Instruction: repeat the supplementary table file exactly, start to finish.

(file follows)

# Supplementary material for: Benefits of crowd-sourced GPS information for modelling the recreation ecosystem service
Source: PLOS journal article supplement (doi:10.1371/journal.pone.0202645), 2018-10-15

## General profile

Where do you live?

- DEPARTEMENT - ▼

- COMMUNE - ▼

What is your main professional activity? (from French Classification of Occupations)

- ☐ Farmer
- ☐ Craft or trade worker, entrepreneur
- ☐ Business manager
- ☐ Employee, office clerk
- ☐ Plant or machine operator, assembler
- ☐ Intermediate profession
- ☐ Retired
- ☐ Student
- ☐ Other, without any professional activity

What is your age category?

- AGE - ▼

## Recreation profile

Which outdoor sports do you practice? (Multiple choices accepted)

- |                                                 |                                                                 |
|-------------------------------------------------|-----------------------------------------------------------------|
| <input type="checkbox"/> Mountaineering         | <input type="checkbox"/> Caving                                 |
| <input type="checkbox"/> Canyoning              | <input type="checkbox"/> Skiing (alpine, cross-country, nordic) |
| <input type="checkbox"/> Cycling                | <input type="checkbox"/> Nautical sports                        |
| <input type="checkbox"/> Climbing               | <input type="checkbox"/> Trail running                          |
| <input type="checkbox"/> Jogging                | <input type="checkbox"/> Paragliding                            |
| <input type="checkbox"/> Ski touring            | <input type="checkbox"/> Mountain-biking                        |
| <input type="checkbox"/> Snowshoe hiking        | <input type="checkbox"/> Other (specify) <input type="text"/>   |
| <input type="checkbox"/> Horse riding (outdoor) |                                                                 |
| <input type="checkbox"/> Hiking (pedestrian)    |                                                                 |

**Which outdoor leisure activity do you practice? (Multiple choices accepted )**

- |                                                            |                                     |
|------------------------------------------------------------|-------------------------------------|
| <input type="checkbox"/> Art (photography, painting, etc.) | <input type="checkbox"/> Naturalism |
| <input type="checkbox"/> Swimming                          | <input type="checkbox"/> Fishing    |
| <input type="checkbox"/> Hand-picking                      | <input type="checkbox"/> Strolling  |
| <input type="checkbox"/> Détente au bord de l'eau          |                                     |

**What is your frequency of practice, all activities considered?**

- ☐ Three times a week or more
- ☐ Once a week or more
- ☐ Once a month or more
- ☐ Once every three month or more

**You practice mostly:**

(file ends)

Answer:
# Supplementary material for: Benefits of crowd-sourced GPS information for modelling the recreation ecosystem service
Source: PLOS journal article supplement (doi:10.1371/journal.pone.0202645), 2018-10-15

## General profile

Where do you live?

- DEPARTEMENT - ▼

- COMMUNE - ▼

What is your main professional activity? (from French Classification of Occupations)

- ☐ Farmer
- ☐ Craft or trade worker, entrepreneur
- ☐ Business manager
- ☐ Employee, office clerk
- ☐ Plant or machine operator, assembler
- ☐ Intermediate profession
- ☐ Retired
- ☐ Student
- ☐ Other, without any professional activity

What is your age category?

- AGE - ▼

## Recreation profile

Which outdoor sports do you practice? (Multiple choices accepted)

- |                                                 |                                                                 |
|-------------------------------------------------|-----------------------------------------------------------------|
| <input type="checkbox"/> Mountaineering         | <input type="checkbox"/> Caving                                 |
| <input type="checkbox"/> Canyoning              | <input type="checkbox"/> Skiing (alpine, cross-country, nordic) |
| <input type="checkbox"/> Cycling                | <input type="checkbox"/> Nautical sports                        |
| <input type="checkbox"/> Climbing               | <input type="checkbox"/> Trail running                          |
| <input type="checkbox"/> Jogging                | <input type="checkbox"/> Paragliding                            |
| <input type="checkbox"/> Ski touring            | <input type="checkbox"/> Mountain-biking                        |
| <input type="checkbox"/> Snowshoe hiking        | <input type="checkbox"/> Other (specify) <input type="text"/>   |
| <input type="checkbox"/> Horse riding (outdoor) |                                                                 |
| <input type="checkbox"/> Hiking (pedestrian)    |                                                                 |

**Which outdoor leisure activity do you practice? (Multiple choices accepted )**

- |                                                            |                                     |
|------------------------------------------------------------|-------------------------------------|
| <input type="checkbox"/> Art (photography, painting, etc.) | <input type="checkbox"/> Naturalism |
| <input type="checkbox"/> Swimming                          | <input type="checkbox"/> Fishing    |
| <input type="checkbox"/> Hand-picking                      | <input type="checkbox"/> Strolling  |
| <input type="checkbox"/> Détente au bord de l'eau          |                                     |

**What is your frequency of practice, all activities considered?**

- ☐ Three times a week or more
- ☐ Once a week or more
- ☐ Once a month or more
- ☐ Once every three month or more

**You practice mostly:**